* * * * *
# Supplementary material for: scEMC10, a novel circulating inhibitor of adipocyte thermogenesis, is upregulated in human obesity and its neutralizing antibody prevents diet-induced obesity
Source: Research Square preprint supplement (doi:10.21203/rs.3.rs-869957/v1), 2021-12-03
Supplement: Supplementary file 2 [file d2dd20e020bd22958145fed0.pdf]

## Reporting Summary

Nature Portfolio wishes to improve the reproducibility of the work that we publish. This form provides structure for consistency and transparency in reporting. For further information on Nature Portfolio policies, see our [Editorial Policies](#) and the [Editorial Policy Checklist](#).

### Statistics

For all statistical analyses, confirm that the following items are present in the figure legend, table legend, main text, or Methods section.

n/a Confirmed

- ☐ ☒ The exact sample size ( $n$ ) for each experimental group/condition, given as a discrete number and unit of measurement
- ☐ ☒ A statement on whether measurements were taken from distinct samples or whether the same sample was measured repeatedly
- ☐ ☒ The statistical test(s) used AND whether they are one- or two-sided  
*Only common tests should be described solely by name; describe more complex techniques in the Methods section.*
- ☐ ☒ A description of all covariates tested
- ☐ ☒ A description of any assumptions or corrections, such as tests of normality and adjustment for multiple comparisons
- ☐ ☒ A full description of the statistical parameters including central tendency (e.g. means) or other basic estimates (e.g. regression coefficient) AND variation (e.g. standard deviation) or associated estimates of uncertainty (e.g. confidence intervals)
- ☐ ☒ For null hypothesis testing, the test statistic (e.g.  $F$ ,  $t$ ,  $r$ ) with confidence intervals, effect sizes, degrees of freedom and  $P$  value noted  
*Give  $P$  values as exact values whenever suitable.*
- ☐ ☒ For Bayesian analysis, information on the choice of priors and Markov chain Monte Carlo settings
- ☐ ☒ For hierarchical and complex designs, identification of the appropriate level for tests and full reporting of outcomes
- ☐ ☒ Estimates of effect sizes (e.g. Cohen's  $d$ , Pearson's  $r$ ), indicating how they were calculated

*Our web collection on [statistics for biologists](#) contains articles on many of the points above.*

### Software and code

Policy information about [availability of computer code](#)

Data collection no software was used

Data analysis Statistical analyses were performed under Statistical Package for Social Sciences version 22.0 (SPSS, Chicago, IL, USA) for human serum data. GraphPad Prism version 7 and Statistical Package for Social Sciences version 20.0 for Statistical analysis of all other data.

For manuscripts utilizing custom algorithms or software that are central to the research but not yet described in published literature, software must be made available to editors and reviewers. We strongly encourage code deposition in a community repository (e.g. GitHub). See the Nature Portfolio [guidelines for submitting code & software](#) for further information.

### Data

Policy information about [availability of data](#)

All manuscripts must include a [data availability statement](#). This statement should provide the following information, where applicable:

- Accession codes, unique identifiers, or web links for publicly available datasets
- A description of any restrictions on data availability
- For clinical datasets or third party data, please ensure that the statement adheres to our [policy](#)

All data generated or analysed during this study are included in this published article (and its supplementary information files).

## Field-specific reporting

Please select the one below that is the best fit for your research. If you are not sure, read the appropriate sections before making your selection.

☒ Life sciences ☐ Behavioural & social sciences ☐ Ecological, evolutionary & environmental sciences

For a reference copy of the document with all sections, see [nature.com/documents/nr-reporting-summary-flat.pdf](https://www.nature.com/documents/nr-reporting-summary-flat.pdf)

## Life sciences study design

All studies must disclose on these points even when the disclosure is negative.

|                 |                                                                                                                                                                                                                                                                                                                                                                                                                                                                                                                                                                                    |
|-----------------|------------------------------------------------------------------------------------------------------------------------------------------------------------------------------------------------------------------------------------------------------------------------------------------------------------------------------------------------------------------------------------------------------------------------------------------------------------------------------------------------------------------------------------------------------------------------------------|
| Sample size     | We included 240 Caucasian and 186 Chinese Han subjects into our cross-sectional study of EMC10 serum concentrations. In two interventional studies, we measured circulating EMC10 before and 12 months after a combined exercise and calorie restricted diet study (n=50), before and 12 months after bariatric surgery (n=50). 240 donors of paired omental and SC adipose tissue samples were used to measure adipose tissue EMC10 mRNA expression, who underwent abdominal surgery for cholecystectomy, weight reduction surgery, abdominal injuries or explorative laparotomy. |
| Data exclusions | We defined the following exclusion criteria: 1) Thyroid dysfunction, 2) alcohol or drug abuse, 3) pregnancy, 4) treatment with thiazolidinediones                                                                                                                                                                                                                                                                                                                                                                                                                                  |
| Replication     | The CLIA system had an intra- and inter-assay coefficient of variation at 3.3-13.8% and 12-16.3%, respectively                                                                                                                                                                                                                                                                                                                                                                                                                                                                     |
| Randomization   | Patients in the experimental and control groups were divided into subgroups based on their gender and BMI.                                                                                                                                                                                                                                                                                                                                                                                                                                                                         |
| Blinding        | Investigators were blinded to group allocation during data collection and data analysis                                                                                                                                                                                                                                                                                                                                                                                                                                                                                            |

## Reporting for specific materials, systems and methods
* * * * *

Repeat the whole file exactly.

# Supplementary material for: scEMC10, a novel circulating inhibitor of adipocyte thermogenesis, is upregulated in human obesity and its neutralizing antibody prevents diet-induced obesity
Source: Research Square preprint supplement (doi:10.21203/rs.3.rs-869957/v1), 2021-12-03
Supplement: Supplementary file 2 [file d2dd20e020bd22958145fed0.pdf]

## Reporting Summary

Nature Portfolio wishes to improve the reproducibility of the work that we publish. This form provides structure for consistency and transparency in reporting. For further information on Nature Portfolio policies, see our [Editorial Policies](#) and the [Editorial Policy Checklist](#).

### Statistics

For all statistical analyses, confirm that the following items are present in the figure legend, table legend, main text, or Methods section.

n/a Confirmed

- ☐ ☒ The exact sample size ( $n$ ) for each experimental group/condition, given as a discrete number and unit of measurement
- ☐ ☒ A statement on whether measurements were taken from distinct samples or whether the same sample was measured repeatedly
- ☐ ☒ The statistical test(s) used AND whether they are one- or two-sided  
*Only common tests should be described solely by name; describe more complex techniques in the Methods section.*
- ☐ ☒ A description of all covariates tested
- ☐ ☒ A description of any assumptions or corrections, such as tests of normality and adjustment for multiple comparisons
- ☐ ☒ A full description of the statistical parameters including central tendency (e.g. means) or other basic estimates (e.g. regression coefficient) AND variation (e.g. standard deviation) or associated estimates of uncertainty (e.g. confidence intervals)
- ☐ ☒ For null hypothesis testing, the test statistic (e.g.  $F$ ,  $t$ ,  $r$ ) with confidence intervals, effect sizes, degrees of freedom and  $P$  value noted  
*Give  $P$  values as exact values whenever suitable.*
- ☐ ☒ For Bayesian analysis, information on the choice of priors and Markov chain Monte Carlo settings
- ☐ ☒ For hierarchical and complex designs, identification of the appropriate level for tests and full reporting of outcomes
- ☐ ☒ Estimates of effect sizes (e.g. Cohen's  $d$ , Pearson's  $r$ ), indicating how they were calculated

*Our web collection on [statistics for biologists](#) contains articles on many of the points above.*

### Software and code

Policy information about [availability of computer code](#)

Data collection no software was used

Data analysis Statistical analyses were performed under Statistical Package for Social Sciences version 22.0 (SPSS, Chicago, IL, USA) for human serum data. GraphPad Prism version 7 and Statistical Package for Social Sciences version 20.0 for Statistical analysis of all other data.

For manuscripts utilizing custom algorithms or software that are central to the research but not yet described in published literature, software must be made available to editors and reviewers. We strongly encourage code deposition in a community repository (e.g. GitHub). See the Nature Portfolio [guidelines for submitting code & software](#) for further information.

### Data

Policy information about [availability of data](#)

All manuscripts must include a [data availability statement](#). This statement should provide the following information, where applicable:

- Accession codes, unique identifiers, or web links for publicly available datasets
- A description of any restrictions on data availability
- For clinical datasets or third party data, please ensure that the statement adheres to our [policy](#)

All data generated or analysed during this study are included in this published article (and its supplementary information files).

## Field-specific reporting

Please select the one below that is the best fit for your research. If you are not sure, read the appropriate sections before making your selection.

☒ Life sciences ☐ Behavioural & social sciences ☐ Ecological, evolutionary & environmental sciences

For a reference copy of the document with all sections, see [nature.com/documents/nr-reporting-summary-flat.pdf](https://www.nature.com/documents/nr-reporting-summary-flat.pdf)

## Life sciences study design

All studies must disclose on these points even when the disclosure is negative.

|                 |                                                                                                                                                                                                                                                                                                                                                                                                                                                                                                                                                                                    |
|-----------------|------------------------------------------------------------------------------------------------------------------------------------------------------------------------------------------------------------------------------------------------------------------------------------------------------------------------------------------------------------------------------------------------------------------------------------------------------------------------------------------------------------------------------------------------------------------------------------|
| Sample size     | We included 240 Caucasian and 186 Chinese Han subjects into our cross-sectional study of EMC10 serum concentrations. In two interventional studies, we measured circulating EMC10 before and 12 months after a combined exercise and calorie restricted diet study (n=50), before and 12 months after bariatric surgery (n=50). 240 donors of paired omental and SC adipose tissue samples were used to measure adipose tissue EMC10 mRNA expression, who underwent abdominal surgery for cholecystectomy, weight reduction surgery, abdominal injuries or explorative laparotomy. |
| Data exclusions | We defined the following exclusion criteria: 1) Thyroid dysfunction, 2) alcohol or drug abuse, 3) pregnancy, 4) treatment with thiazolidinediones                                                                                                                                                                                                                                                                                                                                                                                                                                  |
| Replication     | The CLIA system had an intra- and inter-assay coefficient of variation at 3.3-13.8% and 12-16.3%, respectively                                                                                                                                                                                                                                                                                                                                                                                                                                                                     |
| Randomization   | Patients in the experimental and control groups were divided into subgroups based on their gender and BMI.                                                                                                                                                                                                                                                                                                                                                                                                                                                                         |
| Blinding        | Investigators were blinded to group allocation during data collection and data analysis                                                                                                                                                                                                                                                                                                                                                                                                                                                                                            |

## Reporting for specific materials, systems and methods